The Alert Box means you get important eBay alerts when you need them. If an item you are watching is about to end or you have been out-bid you’ll be notified right away by the Alert Box that appears on the bottom right corner of the browser window.

  • eBay ‘Glow’ Alerts

    For less urgent information -- such as eBay bidding up on your behalf -- you’ll enjoy the convenience of ‘Glow’Alerts. When the eBay logo in the Firefox browser glows, you’ll know instantly that there are changes to your items; open the sidebar to see the items that have changed.

  • Total Control

    You have total control on what alerts you receive and how you receive them. Customize your experience in the preferences section.

Stay up-to-date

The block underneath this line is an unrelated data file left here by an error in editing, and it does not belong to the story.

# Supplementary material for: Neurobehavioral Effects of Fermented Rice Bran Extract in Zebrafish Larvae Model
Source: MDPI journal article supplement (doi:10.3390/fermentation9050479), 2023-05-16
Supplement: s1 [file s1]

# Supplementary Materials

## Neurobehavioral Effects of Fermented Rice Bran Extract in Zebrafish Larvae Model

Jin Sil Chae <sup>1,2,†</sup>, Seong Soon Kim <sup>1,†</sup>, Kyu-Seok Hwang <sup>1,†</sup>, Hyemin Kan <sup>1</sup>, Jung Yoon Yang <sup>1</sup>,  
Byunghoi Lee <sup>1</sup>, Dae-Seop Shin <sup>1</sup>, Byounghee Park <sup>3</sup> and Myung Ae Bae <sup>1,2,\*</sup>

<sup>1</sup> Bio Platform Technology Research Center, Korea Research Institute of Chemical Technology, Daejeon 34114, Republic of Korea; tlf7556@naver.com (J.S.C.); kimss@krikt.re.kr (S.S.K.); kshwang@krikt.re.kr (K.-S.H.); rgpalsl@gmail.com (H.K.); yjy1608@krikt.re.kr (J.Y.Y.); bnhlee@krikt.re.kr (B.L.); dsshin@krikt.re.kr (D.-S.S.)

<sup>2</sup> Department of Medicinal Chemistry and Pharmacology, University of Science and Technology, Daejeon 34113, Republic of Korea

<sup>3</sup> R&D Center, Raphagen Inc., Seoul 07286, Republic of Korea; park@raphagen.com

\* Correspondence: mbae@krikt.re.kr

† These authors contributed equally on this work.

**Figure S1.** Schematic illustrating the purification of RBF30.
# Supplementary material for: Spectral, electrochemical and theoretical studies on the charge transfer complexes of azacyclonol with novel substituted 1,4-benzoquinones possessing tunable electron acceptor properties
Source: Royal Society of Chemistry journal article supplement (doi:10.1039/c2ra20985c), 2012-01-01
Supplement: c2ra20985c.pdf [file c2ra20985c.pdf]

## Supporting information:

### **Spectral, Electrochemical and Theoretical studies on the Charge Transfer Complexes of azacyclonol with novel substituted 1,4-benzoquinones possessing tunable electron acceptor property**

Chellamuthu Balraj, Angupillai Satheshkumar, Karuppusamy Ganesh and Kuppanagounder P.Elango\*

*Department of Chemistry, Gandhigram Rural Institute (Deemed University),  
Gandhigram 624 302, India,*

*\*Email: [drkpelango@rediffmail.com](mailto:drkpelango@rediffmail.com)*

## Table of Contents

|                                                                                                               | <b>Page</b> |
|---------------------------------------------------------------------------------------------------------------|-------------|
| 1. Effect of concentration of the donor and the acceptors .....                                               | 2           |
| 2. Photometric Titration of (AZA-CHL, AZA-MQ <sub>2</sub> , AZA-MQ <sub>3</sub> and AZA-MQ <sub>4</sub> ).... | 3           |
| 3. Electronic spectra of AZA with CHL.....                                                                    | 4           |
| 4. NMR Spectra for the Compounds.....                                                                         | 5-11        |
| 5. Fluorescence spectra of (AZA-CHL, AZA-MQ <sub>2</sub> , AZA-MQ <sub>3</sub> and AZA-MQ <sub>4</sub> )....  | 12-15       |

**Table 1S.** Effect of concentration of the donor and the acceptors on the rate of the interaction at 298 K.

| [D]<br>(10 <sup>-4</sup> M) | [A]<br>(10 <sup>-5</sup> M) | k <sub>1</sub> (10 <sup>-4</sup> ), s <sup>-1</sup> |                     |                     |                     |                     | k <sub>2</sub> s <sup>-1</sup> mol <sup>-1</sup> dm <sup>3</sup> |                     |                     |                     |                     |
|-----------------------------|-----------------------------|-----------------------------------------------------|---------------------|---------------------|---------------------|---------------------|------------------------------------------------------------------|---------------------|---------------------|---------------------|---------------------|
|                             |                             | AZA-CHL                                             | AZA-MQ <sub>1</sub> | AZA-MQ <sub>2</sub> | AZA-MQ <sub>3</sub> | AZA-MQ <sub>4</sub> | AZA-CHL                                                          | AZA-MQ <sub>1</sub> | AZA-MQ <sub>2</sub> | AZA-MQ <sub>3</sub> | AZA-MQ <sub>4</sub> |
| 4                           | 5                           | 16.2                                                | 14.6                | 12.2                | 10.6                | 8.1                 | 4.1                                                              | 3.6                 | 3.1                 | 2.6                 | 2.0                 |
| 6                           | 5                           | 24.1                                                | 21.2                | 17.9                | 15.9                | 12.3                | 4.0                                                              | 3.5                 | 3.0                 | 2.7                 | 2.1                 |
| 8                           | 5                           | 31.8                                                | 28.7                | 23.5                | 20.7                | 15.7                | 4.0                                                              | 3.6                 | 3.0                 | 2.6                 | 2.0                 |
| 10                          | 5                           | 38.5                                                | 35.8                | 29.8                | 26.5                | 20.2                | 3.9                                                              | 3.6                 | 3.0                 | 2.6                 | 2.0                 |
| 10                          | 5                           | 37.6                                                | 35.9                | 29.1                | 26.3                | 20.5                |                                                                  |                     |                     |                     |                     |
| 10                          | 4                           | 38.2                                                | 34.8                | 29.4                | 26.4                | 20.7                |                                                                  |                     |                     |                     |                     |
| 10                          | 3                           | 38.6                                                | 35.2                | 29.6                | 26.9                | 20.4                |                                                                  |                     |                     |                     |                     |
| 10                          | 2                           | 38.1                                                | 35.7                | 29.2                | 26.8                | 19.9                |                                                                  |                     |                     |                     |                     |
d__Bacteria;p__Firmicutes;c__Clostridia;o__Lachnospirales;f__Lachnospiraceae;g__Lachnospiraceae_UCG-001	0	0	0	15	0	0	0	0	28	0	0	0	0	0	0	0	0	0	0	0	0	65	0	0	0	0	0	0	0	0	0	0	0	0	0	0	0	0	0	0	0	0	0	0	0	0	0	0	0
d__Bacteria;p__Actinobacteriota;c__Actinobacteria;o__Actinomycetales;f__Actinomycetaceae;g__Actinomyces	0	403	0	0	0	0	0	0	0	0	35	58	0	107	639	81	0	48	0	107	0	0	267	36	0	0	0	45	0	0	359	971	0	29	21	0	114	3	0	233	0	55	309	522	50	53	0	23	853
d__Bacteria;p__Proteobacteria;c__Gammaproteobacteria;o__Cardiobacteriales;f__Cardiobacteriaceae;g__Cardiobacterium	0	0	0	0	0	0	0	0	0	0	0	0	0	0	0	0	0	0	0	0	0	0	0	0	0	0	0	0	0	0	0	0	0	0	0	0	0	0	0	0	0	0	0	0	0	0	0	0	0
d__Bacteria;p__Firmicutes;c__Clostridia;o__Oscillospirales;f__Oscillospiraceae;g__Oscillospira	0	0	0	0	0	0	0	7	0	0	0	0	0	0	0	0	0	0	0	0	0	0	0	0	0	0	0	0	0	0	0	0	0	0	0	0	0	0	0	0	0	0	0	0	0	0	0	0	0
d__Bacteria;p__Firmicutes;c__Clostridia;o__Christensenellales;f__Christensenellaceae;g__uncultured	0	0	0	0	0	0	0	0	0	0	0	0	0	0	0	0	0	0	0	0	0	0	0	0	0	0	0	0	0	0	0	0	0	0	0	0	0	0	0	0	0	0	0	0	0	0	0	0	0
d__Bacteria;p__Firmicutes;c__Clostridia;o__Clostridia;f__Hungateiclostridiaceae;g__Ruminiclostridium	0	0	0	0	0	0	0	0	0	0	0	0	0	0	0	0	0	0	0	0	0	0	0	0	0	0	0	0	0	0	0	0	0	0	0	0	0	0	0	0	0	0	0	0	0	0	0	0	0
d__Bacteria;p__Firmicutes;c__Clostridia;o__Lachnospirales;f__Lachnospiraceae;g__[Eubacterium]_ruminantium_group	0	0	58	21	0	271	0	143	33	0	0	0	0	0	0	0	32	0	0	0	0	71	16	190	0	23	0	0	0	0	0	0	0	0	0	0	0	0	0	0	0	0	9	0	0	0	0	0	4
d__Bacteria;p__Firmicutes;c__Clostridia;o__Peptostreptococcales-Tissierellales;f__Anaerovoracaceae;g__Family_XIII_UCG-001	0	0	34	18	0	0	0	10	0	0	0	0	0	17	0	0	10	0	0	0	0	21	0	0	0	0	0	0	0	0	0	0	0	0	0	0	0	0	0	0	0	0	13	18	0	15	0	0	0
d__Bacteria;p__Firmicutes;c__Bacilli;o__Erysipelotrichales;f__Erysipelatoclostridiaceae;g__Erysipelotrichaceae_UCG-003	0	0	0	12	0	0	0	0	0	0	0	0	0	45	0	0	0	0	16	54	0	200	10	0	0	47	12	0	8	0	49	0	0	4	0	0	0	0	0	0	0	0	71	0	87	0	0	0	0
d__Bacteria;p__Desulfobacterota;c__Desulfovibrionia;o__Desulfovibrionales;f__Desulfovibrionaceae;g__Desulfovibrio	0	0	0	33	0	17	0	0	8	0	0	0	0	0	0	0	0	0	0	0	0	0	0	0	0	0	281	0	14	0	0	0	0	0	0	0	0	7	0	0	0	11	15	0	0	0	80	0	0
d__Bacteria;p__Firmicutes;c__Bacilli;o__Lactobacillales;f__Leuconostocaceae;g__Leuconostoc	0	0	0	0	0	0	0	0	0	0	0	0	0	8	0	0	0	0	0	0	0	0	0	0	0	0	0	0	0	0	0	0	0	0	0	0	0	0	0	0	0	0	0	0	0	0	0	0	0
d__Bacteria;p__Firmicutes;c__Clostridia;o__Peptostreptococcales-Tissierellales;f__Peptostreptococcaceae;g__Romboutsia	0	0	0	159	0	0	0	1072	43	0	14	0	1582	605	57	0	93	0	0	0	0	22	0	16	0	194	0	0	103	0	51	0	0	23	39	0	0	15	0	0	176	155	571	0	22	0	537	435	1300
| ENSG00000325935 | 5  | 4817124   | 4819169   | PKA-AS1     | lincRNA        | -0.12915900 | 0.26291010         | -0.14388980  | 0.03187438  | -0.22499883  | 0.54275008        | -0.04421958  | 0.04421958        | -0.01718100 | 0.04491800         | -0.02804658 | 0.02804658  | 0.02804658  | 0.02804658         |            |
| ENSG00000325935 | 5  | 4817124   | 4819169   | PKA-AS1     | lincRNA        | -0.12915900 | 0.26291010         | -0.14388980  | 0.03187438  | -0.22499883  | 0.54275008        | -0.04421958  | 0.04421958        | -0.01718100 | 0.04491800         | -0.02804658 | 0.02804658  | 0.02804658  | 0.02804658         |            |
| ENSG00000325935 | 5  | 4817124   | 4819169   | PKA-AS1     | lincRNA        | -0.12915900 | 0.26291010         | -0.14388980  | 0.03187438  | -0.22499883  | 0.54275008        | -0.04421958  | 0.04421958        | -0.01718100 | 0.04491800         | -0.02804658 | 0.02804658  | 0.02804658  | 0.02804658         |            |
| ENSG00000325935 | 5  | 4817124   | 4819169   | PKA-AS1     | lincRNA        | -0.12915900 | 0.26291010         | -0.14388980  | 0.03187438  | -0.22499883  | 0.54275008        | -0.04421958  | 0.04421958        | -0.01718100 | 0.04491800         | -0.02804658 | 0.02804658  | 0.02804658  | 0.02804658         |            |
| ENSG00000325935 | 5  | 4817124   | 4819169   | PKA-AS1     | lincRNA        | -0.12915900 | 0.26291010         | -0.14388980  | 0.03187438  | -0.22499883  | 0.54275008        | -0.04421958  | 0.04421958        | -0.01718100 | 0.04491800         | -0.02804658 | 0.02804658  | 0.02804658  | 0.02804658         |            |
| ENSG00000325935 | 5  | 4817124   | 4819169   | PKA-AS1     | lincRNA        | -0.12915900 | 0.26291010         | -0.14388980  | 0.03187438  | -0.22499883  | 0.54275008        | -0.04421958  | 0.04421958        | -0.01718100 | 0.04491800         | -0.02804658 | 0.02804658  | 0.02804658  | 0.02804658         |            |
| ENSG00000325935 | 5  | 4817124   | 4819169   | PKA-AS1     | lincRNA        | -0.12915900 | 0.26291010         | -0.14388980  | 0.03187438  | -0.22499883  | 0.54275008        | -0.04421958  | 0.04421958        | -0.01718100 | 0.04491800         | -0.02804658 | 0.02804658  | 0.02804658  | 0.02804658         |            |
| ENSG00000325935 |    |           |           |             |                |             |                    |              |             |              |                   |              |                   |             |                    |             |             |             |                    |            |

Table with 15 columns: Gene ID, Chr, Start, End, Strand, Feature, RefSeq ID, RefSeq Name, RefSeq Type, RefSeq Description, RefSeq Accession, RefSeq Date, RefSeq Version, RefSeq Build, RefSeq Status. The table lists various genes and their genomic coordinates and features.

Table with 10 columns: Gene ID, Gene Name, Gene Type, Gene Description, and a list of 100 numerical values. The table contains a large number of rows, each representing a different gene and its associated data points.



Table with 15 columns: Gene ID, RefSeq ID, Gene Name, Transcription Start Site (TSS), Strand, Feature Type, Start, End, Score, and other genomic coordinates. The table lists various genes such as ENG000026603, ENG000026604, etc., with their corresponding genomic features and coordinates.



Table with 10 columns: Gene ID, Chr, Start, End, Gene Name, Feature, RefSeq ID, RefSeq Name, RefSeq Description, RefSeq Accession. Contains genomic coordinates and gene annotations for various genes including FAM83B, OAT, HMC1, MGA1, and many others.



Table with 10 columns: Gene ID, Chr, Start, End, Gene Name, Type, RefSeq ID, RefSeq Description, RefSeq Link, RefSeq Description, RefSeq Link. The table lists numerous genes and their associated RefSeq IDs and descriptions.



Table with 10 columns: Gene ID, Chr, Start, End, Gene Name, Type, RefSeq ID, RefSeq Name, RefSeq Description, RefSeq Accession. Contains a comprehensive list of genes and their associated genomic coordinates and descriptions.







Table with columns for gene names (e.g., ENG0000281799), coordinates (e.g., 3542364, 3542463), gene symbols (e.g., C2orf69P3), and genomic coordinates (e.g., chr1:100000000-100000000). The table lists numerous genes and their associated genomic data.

Never miss the eBay action. No matter where you’re browsing, and whatever you’re doing online, you can get an at-a-glance update on all your eBay activities: watching, buying or selling.

  • Detailed Tooltip Information

    Each item has basic information listed, such as the number of bids and current price it is selling for. You can get more information about the item by hovering your mouse over the item to get the number of watchers (if you are selling), seller’s feedback (if you are buying) and other critical information.

  • Intelligent Refresh

    Your eBay information is updated at regular intervals. The refresh rate is increased intelligently as watching, bidding and selling items near their end time.

  • Quick Access to Item Actions

    You can quickly access contextual actions for your items by right clicking on any item. For example, you can view a seller’s feedback page, or remove a watched item from My eBay.

Safer Browsing

You’re safer with the Firefox Companion. You’ll know you’re on a genuine eBay or Paypal page and not a spoof site or lookalike. When you’re using Firefox you’re also at less risk from pop-up ads, spyware and other web threats.